Few in Washington expected the sequester provision in the budget deal brokered in August 2011 to actually go into effect, but nearly two years later, Congress has not replaced the across-the-board spending cuts, federal agencies are operating under sequestration, and the FY14 appropriations process is quickly headed for gridlock.
The stipulations of the Budget Control Act of 2011 (BCA) would set education budgets back so steeply in FY14 that House appropriators at this time do not even intend to schedule a mark-up of the Labor- Health and Human Services -Education spending bill, the bill that would see the deepest FY14 cuts and funds the Department of Education, the National Institutes of Health, as well as many popular domestic programs. Not only would action on the legislation motivate interest groups supportive of various programs in the bill, but the measure is often used as a vehicle to enact legislative changes on controversial policies (e.g. abortion, funding for the implementation of the Affordable Care Act).
The Senate and the White House have set the overall FY14 discretionary budget target at $1.058 trillion, which is the funding level set by the 2011 Budget Control Act, without the added cuts of the sequester (and assumes repeal of the sequestration policy). The House has set FY14 discretionary funding to $967 billion, which is a $19 billion, or 17-percent, cut from the already deep sequester cuts taken in FY13—resulting in a $91 billion difference between the Senate and the House.
At this time, there have been no apparent discussions on how policymakers will eventually address the federal budget for FY14, which begins on October 1. Legislation to again increase the federal debt ceiling is expected sometime this fall, and that measure may be used, at the very least, to prevent a government shutdown by enacting a continuing resolution.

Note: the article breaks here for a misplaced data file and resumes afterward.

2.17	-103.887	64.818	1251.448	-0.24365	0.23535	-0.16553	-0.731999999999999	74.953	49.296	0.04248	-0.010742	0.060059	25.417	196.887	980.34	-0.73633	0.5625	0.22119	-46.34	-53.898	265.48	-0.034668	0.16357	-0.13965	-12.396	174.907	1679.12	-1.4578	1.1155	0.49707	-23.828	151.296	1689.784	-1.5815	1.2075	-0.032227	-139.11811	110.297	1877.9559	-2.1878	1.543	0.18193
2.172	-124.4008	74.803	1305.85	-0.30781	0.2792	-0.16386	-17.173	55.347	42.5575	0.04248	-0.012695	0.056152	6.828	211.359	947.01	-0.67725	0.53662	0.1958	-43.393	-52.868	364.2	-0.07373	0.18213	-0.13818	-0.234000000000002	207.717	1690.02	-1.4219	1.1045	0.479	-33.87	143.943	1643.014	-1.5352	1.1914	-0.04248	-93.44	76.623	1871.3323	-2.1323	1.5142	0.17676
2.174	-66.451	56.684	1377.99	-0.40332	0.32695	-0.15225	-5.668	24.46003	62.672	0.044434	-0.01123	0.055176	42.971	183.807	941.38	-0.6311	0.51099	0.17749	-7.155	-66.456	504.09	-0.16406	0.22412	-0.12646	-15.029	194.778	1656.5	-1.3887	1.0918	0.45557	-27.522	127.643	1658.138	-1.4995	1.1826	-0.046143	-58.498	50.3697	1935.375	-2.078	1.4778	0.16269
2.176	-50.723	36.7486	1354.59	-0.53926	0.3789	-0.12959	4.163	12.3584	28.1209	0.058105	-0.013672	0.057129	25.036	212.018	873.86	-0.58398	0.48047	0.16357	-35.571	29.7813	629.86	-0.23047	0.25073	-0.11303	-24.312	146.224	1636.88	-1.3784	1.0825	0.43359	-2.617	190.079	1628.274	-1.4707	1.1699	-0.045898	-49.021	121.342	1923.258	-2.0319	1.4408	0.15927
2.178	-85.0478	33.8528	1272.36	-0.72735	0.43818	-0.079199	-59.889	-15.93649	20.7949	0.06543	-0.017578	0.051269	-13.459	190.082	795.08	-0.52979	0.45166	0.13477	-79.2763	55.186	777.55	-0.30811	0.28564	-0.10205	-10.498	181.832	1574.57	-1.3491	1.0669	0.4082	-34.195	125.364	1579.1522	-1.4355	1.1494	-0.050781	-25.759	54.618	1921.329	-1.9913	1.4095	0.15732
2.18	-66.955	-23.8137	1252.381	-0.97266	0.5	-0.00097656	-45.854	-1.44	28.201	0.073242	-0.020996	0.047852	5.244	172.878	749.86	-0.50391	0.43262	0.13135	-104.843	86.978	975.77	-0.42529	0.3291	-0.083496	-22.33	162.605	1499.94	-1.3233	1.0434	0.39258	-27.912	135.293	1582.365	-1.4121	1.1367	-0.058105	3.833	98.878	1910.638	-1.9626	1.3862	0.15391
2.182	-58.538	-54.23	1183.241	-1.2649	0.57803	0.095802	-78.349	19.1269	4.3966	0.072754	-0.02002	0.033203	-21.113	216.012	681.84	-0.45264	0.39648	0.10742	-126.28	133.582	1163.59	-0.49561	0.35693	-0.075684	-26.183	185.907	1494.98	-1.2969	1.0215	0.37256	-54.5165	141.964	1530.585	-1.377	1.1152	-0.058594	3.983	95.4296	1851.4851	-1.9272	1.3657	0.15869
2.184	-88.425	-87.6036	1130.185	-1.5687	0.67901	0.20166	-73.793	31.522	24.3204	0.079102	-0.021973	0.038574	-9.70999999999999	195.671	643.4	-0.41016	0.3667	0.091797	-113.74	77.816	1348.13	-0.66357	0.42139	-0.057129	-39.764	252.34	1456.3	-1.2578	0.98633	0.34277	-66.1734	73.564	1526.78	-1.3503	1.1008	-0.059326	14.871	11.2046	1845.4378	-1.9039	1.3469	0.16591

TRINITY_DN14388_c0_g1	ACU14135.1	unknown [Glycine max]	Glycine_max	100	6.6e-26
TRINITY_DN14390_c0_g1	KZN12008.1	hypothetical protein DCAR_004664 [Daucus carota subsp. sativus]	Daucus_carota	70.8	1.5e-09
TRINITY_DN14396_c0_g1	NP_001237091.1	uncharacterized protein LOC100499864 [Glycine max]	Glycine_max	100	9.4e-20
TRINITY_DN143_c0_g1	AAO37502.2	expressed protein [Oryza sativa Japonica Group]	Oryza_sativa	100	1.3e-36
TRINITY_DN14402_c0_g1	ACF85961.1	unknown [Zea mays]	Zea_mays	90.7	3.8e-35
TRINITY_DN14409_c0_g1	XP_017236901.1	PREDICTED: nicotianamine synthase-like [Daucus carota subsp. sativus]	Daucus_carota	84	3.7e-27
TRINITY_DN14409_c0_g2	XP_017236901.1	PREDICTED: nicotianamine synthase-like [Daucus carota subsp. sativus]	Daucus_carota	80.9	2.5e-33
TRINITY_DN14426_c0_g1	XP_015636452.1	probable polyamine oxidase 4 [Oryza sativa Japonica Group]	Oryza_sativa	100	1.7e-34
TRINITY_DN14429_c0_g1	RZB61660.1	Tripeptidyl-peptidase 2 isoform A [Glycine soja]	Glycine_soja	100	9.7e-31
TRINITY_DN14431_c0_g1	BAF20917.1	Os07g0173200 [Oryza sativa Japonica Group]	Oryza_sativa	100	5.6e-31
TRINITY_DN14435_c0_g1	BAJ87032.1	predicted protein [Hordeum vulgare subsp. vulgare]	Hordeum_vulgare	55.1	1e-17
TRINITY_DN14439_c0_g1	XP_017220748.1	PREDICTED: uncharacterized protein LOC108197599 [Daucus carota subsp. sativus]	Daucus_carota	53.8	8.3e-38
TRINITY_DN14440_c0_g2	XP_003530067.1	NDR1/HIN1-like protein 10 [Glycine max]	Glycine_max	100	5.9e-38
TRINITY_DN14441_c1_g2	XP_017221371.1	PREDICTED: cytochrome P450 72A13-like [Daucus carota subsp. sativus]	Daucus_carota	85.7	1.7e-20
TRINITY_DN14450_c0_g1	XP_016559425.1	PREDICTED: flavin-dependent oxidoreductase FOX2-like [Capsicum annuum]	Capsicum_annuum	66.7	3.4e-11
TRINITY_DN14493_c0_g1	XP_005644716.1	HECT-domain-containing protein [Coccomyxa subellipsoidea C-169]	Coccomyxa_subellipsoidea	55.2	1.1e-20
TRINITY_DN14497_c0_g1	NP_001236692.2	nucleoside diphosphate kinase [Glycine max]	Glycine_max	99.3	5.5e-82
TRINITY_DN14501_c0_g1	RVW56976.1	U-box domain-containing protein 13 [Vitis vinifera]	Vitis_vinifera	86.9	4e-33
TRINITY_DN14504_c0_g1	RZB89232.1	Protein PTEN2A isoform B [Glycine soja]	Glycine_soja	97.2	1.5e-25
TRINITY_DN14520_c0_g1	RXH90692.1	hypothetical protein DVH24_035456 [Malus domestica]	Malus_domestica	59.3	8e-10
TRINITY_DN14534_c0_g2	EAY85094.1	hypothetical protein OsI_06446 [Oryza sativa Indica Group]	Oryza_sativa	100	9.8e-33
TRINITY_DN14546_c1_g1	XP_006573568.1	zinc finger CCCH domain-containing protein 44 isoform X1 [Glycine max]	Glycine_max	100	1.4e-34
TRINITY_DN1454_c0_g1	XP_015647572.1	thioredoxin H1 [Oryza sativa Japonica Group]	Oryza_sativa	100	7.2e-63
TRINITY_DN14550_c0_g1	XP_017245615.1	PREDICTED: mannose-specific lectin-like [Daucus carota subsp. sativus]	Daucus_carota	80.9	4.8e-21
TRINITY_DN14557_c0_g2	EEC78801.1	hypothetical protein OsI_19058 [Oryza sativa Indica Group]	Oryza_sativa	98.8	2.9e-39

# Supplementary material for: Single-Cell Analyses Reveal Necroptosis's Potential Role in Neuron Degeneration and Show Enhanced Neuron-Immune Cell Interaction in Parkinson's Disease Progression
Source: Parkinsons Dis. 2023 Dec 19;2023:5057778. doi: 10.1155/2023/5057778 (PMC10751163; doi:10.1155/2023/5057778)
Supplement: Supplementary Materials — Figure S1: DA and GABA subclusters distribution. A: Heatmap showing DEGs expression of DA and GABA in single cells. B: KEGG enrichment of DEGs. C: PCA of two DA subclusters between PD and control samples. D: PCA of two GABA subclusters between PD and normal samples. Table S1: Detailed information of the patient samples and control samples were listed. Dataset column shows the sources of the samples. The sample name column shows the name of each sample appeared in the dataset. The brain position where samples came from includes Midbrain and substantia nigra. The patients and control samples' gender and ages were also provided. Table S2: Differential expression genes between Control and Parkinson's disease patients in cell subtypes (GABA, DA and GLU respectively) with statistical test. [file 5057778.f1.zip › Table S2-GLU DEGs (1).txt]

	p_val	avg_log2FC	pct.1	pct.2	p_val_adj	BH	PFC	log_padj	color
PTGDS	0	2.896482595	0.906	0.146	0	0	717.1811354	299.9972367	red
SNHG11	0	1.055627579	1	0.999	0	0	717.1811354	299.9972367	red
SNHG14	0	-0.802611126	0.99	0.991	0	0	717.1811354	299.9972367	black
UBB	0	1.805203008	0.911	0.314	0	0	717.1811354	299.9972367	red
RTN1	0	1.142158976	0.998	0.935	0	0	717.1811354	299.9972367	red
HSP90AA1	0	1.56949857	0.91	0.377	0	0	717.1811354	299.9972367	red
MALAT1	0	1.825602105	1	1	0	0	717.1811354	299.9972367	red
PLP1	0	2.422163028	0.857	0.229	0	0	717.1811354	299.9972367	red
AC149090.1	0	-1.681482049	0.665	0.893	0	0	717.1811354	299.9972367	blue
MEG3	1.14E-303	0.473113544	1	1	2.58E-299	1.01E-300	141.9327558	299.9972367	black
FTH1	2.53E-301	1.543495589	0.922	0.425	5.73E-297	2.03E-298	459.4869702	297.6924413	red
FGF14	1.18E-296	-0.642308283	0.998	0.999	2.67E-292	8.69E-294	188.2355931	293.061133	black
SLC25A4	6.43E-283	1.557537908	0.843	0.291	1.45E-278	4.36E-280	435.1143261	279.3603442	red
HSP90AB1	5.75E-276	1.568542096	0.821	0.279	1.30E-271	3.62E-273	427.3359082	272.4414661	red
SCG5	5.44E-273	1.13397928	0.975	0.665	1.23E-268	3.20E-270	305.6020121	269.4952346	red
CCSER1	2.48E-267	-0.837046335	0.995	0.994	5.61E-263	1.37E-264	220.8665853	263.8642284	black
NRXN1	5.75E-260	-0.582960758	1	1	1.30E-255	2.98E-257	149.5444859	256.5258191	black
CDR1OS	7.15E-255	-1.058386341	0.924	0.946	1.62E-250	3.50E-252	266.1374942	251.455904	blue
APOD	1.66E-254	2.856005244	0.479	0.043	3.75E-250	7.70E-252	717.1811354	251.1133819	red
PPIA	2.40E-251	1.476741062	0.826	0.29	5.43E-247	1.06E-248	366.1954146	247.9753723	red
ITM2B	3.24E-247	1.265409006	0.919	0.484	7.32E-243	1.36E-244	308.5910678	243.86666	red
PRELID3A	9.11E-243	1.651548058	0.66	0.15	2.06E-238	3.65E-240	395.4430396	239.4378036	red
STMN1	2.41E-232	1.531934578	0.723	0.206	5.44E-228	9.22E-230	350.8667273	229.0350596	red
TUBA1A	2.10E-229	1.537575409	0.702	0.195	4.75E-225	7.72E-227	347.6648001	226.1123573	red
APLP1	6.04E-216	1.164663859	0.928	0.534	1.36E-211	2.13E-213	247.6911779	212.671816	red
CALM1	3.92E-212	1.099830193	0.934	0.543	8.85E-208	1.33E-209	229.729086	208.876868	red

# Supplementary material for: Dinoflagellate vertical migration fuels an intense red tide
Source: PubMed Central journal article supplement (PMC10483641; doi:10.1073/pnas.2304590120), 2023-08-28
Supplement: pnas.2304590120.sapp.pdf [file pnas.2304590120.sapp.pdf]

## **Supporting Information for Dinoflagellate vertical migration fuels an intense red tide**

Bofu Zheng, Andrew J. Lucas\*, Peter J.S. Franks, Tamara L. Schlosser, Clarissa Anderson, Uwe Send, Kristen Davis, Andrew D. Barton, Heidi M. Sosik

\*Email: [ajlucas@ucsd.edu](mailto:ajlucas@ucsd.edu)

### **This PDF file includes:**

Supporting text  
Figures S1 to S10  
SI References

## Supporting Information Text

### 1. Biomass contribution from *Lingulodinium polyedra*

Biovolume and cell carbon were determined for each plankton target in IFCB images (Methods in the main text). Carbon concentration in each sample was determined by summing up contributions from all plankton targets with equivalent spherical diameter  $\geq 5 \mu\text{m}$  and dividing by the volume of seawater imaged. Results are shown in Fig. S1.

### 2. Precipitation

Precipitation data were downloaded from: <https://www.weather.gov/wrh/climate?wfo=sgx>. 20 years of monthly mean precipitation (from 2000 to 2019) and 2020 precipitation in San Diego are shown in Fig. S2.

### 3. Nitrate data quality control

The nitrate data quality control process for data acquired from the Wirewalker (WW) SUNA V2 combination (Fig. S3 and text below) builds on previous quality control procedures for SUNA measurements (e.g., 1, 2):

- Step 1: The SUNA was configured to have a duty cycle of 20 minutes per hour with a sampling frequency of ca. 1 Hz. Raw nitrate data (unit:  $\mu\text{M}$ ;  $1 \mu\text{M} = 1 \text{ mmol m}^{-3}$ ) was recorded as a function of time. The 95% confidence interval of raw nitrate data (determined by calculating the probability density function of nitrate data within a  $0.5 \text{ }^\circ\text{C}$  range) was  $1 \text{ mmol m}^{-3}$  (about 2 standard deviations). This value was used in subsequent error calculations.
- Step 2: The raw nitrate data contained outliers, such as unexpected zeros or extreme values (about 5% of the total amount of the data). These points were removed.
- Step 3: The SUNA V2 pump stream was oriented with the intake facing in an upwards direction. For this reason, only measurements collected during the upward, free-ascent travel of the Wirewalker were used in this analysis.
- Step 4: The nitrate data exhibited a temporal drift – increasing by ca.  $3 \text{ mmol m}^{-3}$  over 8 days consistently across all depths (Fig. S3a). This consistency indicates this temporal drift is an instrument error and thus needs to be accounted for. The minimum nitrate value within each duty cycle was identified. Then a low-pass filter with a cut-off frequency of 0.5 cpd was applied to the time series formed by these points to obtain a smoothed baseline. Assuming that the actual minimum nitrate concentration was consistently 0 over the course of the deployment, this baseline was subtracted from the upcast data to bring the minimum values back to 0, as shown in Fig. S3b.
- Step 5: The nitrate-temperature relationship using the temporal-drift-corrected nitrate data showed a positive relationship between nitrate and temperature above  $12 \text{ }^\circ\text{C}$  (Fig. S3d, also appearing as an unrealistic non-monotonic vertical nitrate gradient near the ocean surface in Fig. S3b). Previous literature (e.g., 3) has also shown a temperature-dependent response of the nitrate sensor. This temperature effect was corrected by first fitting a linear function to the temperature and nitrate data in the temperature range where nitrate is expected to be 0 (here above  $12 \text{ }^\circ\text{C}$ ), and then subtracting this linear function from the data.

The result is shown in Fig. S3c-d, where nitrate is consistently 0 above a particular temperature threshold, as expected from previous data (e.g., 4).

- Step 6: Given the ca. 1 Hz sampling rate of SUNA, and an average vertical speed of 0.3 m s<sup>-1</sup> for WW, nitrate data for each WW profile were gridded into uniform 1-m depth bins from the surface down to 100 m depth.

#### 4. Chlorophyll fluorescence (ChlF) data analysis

Without action to block the current budget rules, sequestration policies (furloughs, programmatic cuts) will continue—and deepen. The White House would like to see an overarching budget deal that includes a combination of spending cuts, changes in current tax policy, as well as some changes in entitlement programs. Because the BCA mandates steep and disruptive cuts in military spending, Democrats are hoping Republicans will move toward a deal-and yield on additional tax increases.
On higher education concerns, lawmakers are presently focused on preventing the interest rate on subsidized student loans from automatically rising back to 6.8 percent on July 1, but there is little agreement on how to move forward with a myriad of competing alternative proposals garnering attention. The media's attention is currently focused on a number of scandals involving the IRS, the White House and the Administration—and not on the effects of the sequester.
However, when the proverbial rubber hits the road, and without an overarching budget deal, Congress and the White House will have to make some tough decisions on how they will axe approximately $28 million from the budget that funds the National Institutes of Health, the Department of Education, the Department of Labor, as well as other agencies and popular social programs.
Discretionary Spending Background (Source: CQ Weekly)
- Appropriations for fiscal 2013, pre-sequester: $156,872,000
- Fiscal 2013, post-sequester: $149,640,000
- President's request, fiscal 2014: $165,801,000
- House allocation, fiscal 2014: $121,797,000